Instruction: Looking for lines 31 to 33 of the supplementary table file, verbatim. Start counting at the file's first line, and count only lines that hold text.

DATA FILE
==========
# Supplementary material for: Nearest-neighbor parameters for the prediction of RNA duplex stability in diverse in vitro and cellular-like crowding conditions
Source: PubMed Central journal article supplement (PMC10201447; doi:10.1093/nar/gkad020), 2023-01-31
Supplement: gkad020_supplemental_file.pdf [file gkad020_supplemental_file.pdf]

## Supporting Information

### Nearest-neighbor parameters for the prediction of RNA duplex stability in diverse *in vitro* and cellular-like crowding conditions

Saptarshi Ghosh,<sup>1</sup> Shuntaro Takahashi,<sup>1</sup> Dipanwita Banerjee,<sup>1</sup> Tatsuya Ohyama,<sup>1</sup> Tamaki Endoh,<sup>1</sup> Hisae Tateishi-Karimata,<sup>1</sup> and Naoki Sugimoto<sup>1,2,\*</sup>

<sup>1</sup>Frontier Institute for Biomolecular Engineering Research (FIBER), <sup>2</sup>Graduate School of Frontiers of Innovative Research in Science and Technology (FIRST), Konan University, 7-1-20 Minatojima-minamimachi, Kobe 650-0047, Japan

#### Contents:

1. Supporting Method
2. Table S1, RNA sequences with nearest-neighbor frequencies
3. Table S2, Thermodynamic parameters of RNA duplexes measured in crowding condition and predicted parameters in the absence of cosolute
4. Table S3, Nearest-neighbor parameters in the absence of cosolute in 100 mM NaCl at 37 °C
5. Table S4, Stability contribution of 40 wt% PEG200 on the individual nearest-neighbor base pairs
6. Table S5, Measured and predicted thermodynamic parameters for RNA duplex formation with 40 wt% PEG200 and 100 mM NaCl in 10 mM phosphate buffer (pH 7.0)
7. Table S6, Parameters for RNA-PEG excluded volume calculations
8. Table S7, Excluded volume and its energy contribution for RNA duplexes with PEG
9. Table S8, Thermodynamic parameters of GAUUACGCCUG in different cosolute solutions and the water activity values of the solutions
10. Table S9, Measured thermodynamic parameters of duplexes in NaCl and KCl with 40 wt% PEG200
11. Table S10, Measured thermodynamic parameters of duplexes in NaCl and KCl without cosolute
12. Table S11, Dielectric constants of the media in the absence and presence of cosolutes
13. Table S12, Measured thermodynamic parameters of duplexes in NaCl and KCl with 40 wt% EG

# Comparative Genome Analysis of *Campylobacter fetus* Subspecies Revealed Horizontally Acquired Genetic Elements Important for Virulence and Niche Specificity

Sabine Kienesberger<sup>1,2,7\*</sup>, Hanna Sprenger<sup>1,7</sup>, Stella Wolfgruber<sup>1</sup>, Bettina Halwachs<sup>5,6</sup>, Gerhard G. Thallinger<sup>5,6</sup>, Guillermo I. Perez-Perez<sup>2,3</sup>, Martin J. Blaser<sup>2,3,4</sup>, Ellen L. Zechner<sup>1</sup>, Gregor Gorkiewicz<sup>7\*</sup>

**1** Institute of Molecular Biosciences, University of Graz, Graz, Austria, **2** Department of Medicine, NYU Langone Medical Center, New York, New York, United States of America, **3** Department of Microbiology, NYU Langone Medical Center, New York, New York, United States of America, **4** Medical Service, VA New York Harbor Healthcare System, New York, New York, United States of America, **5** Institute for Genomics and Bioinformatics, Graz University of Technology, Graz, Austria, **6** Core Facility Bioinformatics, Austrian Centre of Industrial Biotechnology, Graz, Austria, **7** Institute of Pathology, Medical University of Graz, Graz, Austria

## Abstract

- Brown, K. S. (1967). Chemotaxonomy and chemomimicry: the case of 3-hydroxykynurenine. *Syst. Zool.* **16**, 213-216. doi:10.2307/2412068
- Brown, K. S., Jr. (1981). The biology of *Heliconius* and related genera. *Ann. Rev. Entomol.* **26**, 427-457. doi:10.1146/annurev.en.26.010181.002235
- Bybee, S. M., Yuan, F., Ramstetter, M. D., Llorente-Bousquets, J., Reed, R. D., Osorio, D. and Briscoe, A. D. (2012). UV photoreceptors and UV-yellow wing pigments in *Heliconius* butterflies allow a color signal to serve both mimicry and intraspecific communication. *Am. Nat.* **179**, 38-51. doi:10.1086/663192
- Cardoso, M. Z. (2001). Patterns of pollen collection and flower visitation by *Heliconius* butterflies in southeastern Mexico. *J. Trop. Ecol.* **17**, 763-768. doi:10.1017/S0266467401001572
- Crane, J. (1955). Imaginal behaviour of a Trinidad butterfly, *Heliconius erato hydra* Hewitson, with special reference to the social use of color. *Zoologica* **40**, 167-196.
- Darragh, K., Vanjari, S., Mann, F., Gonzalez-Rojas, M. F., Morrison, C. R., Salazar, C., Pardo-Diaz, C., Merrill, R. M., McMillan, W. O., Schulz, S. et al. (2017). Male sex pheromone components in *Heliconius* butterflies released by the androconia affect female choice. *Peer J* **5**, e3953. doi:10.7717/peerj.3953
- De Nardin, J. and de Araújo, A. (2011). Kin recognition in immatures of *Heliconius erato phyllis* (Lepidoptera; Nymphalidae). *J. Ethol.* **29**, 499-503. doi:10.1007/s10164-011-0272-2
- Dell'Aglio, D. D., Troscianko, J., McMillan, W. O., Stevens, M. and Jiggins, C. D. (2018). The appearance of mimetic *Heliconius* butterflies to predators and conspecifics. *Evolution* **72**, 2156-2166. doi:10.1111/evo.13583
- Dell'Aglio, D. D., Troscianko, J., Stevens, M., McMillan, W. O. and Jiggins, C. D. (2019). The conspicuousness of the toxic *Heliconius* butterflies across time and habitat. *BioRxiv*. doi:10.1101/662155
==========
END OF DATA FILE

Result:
- Darragh, K., Vanjari, S., Mann, F., Gonzalez-Rojas, M. F., Morrison, C. R., Salazar, C., Pardo-Diaz, C., Merrill, R. M., McMillan, W. O., Schulz, S. et al. (2017). Male sex pheromone components in *Heliconius* butterflies released by the androconia affect female choice. *Peer J* **5**, e3953. doi:10.7717/peerj.3953
- De Nardin, J. and de Araújo, A. (2011). Kin recognition in immatures of *Heliconius erato phyllis* (Lepidoptera; Nymphalidae). *J. Ethol.* **29**, 499-503. doi:10.1007/s10164-011-0272-2
- Dell'Aglio, D. D., Troscianko, J., McMillan, W. O., Stevens, M. and Jiggins, C. D. (2018). The appearance of mimetic *Heliconius* butterflies to predators and conspecifics. *Evolution* **72**, 2156-2166. doi:10.1111/evo.13583